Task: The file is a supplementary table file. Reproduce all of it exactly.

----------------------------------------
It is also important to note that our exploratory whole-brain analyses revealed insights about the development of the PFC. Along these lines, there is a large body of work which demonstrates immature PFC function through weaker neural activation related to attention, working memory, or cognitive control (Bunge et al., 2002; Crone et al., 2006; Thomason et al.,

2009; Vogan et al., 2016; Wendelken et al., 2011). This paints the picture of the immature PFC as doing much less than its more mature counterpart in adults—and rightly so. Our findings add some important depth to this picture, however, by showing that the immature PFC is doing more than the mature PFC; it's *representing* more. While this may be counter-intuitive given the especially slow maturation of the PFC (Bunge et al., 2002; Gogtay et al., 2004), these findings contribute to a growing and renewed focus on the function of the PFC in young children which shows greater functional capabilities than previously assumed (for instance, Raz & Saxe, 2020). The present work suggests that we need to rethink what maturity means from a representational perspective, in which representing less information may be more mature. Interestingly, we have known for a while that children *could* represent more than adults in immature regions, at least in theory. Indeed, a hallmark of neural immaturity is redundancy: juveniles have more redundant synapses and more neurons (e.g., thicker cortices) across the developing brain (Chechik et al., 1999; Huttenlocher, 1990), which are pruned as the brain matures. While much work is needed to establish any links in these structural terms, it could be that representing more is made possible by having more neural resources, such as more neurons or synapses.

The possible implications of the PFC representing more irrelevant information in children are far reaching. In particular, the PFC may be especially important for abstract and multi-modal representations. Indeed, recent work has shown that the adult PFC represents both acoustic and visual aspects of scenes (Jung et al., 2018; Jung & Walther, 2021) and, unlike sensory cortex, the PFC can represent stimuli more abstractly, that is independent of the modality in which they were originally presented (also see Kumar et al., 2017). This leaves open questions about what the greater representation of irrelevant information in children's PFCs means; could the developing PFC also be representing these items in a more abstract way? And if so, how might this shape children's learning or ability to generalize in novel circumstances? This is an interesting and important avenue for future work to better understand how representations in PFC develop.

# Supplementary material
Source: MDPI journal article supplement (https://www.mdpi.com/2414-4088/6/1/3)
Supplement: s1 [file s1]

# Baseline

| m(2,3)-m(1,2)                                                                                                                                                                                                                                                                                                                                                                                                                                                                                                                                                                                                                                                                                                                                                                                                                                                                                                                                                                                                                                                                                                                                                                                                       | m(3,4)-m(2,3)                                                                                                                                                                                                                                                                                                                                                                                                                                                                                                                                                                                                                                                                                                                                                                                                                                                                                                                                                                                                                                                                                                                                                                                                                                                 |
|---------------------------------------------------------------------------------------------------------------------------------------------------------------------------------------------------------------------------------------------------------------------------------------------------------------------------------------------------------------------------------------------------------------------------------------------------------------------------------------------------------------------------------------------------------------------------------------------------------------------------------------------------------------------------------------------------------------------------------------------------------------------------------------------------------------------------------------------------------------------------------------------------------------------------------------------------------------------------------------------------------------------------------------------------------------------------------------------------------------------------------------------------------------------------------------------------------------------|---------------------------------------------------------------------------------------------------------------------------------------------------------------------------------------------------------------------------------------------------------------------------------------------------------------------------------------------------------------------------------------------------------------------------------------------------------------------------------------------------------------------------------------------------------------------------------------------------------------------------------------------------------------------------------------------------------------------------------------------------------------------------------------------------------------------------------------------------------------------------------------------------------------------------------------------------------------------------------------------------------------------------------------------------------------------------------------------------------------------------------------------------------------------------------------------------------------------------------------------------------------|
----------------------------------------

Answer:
It is also important to note that our exploratory whole-brain analyses revealed insights about the development of the PFC. Along these lines, there is a large body of work which demonstrates immature PFC function through weaker neural activation related to attention, working memory, or cognitive control (Bunge et al., 2002; Crone et al., 2006; Thomason et al.,

2009; Vogan et al., 2016; Wendelken et al., 2011). This paints the picture of the immature PFC as doing much less than its more mature counterpart in adults—and rightly so. Our findings add some important depth to this picture, however, by showing that the immature PFC is doing more than the mature PFC; it's *representing* more. While this may be counter-intuitive given the especially slow maturation of the PFC (Bunge et al., 2002; Gogtay et al., 2004), these findings contribute to a growing and renewed focus on the function of the PFC in young children which shows greater functional capabilities than previously assumed (for instance, Raz & Saxe, 2020). The present work suggests that we need to rethink what maturity means from a representational perspective, in which representing less information may be more mature. Interestingly, we have known for a while that children *could* represent more than adults in immature regions, at least in theory. Indeed, a hallmark of neural immaturity is redundancy: juveniles have more redundant synapses and more neurons (e.g., thicker cortices) across the developing brain (Chechik et al., 1999; Huttenlocher, 1990), which are pruned as the brain matures. While much work is needed to establish any links in these structural terms, it could be that representing more is made possible by having more neural resources, such as more neurons or synapses.

The possible implications of the PFC representing more irrelevant information in children are far reaching. In particular, the PFC may be especially important for abstract and multi-modal representations. Indeed, recent work has shown that the adult PFC represents both acoustic and visual aspects of scenes (Jung et al., 2018; Jung & Walther, 2021) and, unlike sensory cortex, the PFC can represent stimuli more abstractly, that is independent of the modality in which they were originally presented (also see Kumar et al., 2017). This leaves open questions about what the greater representation of irrelevant information in children's PFCs means; could the developing PFC also be representing these items in a more abstract way? And if so, how might this shape children's learning or ability to generalize in novel circumstances? This is an interesting and important avenue for future work to better understand how representations in PFC develop.

# Supplementary material
Source: MDPI journal article supplement (https://www.mdpi.com/2414-4088/6/1/3)
Supplement: s1 [file s1]

# Baseline

| m(2,3)-m(1,2)                                                                                                                                                                                                                                                                                                                                                                                                                                                                                                                                                                                                                                                                                                                                                                                                                                                                                                                                                                                                                                                                                                                                                                                                       | m(3,4)-m(2,3)                                                                                                                                                                                                                                                                                                                                                                                                                                                                                                                                                                                                                                                                                                                                                                                                                                                                                                                                                                                                                                                                                                                                                                                                                                                 |
|---------------------------------------------------------------------------------------------------------------------------------------------------------------------------------------------------------------------------------------------------------------------------------------------------------------------------------------------------------------------------------------------------------------------------------------------------------------------------------------------------------------------------------------------------------------------------------------------------------------------------------------------------------------------------------------------------------------------------------------------------------------------------------------------------------------------------------------------------------------------------------------------------------------------------------------------------------------------------------------------------------------------------------------------------------------------------------------------------------------------------------------------------------------------------------------------------------------------|---------------------------------------------------------------------------------------------------------------------------------------------------------------------------------------------------------------------------------------------------------------------------------------------------------------------------------------------------------------------------------------------------------------------------------------------------------------------------------------------------------------------------------------------------------------------------------------------------------------------------------------------------------------------------------------------------------------------------------------------------------------------------------------------------------------------------------------------------------------------------------------------------------------------------------------------------------------------------------------------------------------------------------------------------------------------------------------------------------------------------------------------------------------------------------------------------------------------------------------------------------------|